Coming from a working class family, I tend to focus on the rags-to-riches stories sprinkled across Art History when charges of elitism come up. "No," I'll say, "Look at de Kooning, look at Warhol, look at the Ganz's, look at the crop of Williamsburg galleries that have done very well for themselves despite their modest beginnings. Art is not always about being born with a silver spoon in your mouth...it's often about working your ass off. That's a working class value."
But it's not exactly a matter of class, is it, elitism? One can be poor and a snob. It's harder, but one still encounters it. No, elitism is perhaps better defined by how one looks down on the rest of the world, whether from a private jet or an ivory tower or merely some self-manufactured peak of self-importance. Anyway, enough stalling, here's the comment, by ml, that prompted the one I deleted:
Don't you think that part of the problem is that art sales require a certain elite status? The difference between a $800 painting and a $20,000 painting is not always based on quality - it's part of the star system that is rampant in capitalism. The easiest way to be elite is to speak a specialized language that only a small subset of the population has the leisure to know intimately.I'll defend the dialog, but I do recognize that the demands it makes on viewers often strike many as unworth the effort. Then, via Artinfo.com, comes this report on the rise in popularity of "Outsider Art" across the heartland. The rationales offered for this rise hit at the heart of this issue:
I guess what I'm trying to say is that I don't see art-for-art's-sake as coming just from artists. It is built into the system.
Look how the galleries which used to be in SoHo moved to Chelsea. It wasn't
just rent increases - it was partially an escape from the looky-loos who mocked the work.
I'll confess that my knee-jerk reaction to this story is to see it as a defense of unchallenging, dumber art, and think if that's what someone wants they might consider donating their brain to science, as clearly they can get by with just a spinal cord, but then that would be pretentious, I know, and clearly pretentious is bad...innocence is good, childlike is good, quirky and whimsical and simple is good, but intellectualism...ba-a-a-a-a-a-d.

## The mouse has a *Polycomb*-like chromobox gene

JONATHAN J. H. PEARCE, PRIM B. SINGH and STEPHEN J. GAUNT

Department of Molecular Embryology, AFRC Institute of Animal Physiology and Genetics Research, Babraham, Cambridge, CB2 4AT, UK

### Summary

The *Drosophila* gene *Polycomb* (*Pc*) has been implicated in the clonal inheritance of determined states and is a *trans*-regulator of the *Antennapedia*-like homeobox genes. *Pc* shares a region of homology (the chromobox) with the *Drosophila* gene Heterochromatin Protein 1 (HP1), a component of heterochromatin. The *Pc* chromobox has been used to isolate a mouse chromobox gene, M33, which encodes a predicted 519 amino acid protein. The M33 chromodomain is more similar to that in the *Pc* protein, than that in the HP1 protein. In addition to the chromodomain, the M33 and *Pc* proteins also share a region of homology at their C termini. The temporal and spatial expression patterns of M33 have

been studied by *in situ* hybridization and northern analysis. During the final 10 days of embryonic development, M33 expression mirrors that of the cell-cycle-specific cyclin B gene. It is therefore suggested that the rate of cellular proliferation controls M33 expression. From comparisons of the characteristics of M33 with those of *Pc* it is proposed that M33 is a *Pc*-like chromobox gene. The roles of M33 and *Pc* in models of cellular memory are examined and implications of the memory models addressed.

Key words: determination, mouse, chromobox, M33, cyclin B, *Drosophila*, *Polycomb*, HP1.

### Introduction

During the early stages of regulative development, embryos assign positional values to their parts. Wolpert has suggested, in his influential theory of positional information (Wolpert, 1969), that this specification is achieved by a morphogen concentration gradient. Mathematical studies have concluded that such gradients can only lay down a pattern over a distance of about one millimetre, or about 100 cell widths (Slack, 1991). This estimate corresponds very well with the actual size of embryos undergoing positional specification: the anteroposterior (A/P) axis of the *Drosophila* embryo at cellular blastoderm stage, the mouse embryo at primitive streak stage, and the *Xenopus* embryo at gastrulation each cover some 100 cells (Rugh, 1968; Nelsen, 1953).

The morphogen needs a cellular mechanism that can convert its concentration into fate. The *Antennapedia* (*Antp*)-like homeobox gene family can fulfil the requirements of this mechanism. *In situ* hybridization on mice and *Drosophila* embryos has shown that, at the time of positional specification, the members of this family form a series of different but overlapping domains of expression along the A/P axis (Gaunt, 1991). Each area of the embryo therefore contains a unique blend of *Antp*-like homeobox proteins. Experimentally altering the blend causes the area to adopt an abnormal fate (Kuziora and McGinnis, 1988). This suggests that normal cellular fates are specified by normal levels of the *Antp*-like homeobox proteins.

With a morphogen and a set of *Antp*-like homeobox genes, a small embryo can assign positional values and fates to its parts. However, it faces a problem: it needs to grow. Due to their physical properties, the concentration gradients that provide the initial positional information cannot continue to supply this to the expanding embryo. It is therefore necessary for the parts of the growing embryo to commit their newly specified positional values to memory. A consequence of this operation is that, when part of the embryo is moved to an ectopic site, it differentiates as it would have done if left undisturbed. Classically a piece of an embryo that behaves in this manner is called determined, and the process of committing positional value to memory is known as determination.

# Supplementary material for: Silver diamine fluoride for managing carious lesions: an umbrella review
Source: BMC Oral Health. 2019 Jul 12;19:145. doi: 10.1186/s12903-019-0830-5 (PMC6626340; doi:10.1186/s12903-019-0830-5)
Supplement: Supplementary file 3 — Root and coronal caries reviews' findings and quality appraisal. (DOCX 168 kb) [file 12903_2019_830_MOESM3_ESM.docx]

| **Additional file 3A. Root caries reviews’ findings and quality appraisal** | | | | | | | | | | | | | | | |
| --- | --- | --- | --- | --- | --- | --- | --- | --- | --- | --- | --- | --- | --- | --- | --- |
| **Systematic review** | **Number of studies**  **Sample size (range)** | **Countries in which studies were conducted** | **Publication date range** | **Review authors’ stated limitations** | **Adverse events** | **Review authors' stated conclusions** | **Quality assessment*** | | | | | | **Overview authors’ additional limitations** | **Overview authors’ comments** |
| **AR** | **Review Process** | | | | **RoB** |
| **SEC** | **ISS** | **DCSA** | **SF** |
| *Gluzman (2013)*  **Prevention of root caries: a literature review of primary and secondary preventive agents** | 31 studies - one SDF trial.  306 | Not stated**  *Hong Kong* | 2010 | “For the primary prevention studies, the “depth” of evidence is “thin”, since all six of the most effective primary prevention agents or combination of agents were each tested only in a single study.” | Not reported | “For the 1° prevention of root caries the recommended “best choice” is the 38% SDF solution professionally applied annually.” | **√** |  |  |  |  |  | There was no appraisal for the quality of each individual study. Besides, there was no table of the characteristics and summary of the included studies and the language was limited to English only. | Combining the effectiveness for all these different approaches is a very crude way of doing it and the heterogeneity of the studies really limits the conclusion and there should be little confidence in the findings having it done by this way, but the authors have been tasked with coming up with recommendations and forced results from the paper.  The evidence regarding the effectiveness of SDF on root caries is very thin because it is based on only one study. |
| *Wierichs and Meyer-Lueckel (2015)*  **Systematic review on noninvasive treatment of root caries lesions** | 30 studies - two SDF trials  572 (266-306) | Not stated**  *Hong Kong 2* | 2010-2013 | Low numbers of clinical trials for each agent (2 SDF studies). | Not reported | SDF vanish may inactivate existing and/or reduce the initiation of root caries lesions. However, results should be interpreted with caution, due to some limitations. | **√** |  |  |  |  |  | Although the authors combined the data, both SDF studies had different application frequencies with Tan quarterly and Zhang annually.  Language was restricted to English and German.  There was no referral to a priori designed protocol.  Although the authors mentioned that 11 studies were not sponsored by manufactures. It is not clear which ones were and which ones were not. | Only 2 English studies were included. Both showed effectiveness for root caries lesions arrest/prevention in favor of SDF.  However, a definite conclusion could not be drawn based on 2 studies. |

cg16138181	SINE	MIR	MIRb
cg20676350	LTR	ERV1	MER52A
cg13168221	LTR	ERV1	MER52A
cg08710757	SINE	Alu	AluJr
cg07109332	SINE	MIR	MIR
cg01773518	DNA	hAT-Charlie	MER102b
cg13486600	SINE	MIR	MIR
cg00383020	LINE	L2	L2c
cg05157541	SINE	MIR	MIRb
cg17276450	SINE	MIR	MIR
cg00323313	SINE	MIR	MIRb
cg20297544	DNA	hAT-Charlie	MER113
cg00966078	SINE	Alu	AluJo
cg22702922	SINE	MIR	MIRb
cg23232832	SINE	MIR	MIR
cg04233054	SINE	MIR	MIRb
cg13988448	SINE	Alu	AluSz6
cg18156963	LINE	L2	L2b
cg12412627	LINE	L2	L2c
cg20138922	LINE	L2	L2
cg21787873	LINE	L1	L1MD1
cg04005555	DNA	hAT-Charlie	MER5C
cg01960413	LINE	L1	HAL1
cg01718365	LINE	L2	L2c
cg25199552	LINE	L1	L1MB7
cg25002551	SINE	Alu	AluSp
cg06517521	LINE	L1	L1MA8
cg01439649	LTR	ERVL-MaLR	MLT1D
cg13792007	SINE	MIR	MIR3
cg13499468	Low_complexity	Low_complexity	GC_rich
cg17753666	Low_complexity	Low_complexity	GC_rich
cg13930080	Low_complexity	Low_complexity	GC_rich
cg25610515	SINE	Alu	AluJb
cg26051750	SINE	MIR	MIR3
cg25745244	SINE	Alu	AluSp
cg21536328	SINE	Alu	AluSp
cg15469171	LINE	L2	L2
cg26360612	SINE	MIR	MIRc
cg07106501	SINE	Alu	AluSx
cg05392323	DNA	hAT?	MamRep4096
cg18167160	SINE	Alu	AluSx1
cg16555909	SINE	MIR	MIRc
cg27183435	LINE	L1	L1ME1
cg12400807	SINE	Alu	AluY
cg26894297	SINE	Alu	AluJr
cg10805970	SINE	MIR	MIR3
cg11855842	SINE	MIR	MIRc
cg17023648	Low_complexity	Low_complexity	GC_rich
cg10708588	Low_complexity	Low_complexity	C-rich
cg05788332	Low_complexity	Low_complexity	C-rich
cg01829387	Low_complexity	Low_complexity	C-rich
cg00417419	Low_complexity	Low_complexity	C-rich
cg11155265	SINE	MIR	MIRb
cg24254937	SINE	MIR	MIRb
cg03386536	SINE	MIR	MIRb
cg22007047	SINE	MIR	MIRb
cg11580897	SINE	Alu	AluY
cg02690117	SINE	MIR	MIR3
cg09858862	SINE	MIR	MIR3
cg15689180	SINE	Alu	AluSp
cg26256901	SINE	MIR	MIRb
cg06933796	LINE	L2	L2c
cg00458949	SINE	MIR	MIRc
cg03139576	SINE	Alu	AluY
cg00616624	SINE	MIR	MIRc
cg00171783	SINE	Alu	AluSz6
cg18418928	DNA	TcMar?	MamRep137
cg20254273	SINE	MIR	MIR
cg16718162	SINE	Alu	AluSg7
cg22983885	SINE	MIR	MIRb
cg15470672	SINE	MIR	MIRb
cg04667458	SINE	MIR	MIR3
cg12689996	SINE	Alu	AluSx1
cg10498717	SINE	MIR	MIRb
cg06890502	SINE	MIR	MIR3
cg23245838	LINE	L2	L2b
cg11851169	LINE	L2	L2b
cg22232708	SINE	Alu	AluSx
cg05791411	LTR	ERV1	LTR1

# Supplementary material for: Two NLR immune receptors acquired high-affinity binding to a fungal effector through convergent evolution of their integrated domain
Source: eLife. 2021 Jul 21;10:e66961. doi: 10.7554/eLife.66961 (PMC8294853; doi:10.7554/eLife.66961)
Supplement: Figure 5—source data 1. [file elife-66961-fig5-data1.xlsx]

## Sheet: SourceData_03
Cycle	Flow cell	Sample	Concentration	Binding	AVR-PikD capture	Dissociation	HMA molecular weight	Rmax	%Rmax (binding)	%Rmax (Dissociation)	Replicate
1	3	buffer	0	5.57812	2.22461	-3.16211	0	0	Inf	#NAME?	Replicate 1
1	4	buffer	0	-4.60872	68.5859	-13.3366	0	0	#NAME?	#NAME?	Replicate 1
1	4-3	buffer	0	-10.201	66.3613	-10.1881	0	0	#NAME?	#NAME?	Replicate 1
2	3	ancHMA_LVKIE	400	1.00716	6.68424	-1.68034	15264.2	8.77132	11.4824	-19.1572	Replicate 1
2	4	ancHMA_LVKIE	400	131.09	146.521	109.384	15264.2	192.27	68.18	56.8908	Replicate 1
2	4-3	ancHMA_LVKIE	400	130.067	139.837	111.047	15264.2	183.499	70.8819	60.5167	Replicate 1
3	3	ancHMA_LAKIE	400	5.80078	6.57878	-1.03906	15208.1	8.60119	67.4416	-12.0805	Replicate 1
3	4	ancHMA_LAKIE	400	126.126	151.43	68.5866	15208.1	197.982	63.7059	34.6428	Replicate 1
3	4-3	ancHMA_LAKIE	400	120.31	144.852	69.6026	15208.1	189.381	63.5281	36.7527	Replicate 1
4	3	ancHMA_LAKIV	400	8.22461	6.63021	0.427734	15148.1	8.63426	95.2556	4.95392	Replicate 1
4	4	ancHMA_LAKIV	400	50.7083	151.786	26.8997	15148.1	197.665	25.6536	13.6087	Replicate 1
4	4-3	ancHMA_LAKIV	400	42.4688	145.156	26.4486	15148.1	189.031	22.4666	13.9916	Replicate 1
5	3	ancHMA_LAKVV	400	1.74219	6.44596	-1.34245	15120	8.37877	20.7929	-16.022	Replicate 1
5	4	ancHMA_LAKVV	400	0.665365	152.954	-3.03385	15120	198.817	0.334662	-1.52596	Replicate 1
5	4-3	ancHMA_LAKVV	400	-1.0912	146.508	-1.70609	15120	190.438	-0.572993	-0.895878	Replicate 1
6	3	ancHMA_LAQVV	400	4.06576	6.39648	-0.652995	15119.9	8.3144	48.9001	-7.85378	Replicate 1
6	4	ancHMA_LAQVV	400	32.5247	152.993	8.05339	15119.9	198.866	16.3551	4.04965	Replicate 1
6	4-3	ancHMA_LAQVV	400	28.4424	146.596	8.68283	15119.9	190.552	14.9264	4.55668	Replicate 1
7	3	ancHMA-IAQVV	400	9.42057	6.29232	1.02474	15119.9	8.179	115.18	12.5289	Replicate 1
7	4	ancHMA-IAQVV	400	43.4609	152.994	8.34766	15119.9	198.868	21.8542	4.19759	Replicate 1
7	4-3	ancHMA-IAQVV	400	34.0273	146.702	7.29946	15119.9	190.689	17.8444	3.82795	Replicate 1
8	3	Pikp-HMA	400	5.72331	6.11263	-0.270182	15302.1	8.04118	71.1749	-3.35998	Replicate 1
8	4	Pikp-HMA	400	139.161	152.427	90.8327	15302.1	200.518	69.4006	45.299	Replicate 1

The [Outsider Art] movement has been gaining steam in the Midwest for about five years, collectors say, fueled in part by its accessibility. Outsider art, they said, is straightforward, affordable and created by artists who are unpretentious.
A large part of the appeal is that you never have to distinguish a piece of art from a paint spill. What you see is what you get.
"In outsider art, there is not that tendency to intellectualize," said Yuri Arajs, owner of Outsiders and Others Gallery in Minneapolis, which opened in 2003. "It's more art that people relate to on a gut level."
There is an appealing innocence in the pieces, he said, that bring buyers closer to them.
"It's almost a cliché, but the more childlike a work is, the more appealing it is," Arajs said.
Which is not to say the form is simple. Outsider art is rich in social and symbolic overtones as diverse as the quirks and whimsies of the human psyche. Religious and sexual themes are common.
After I've calmed down a bit, I realize though that it's more a call for art that's emotionally accessible, "art that people relate to on a gut level." That may indeed represent a much higher achievement than the headiest of accomplishments, I know. However, I want Art that aspires/manages to accomplish both. No matter how heart-felt, most "Outsider Art" strikes me as little more than "cute." Not all of it. Some is truly exquisite. But I need more than "cute" in my Art, I'm afraid. I have a thirst for knowledge and I want Art that challenges me ... emotionally yes, but also intellectually. I can't get by with just a spinal cord.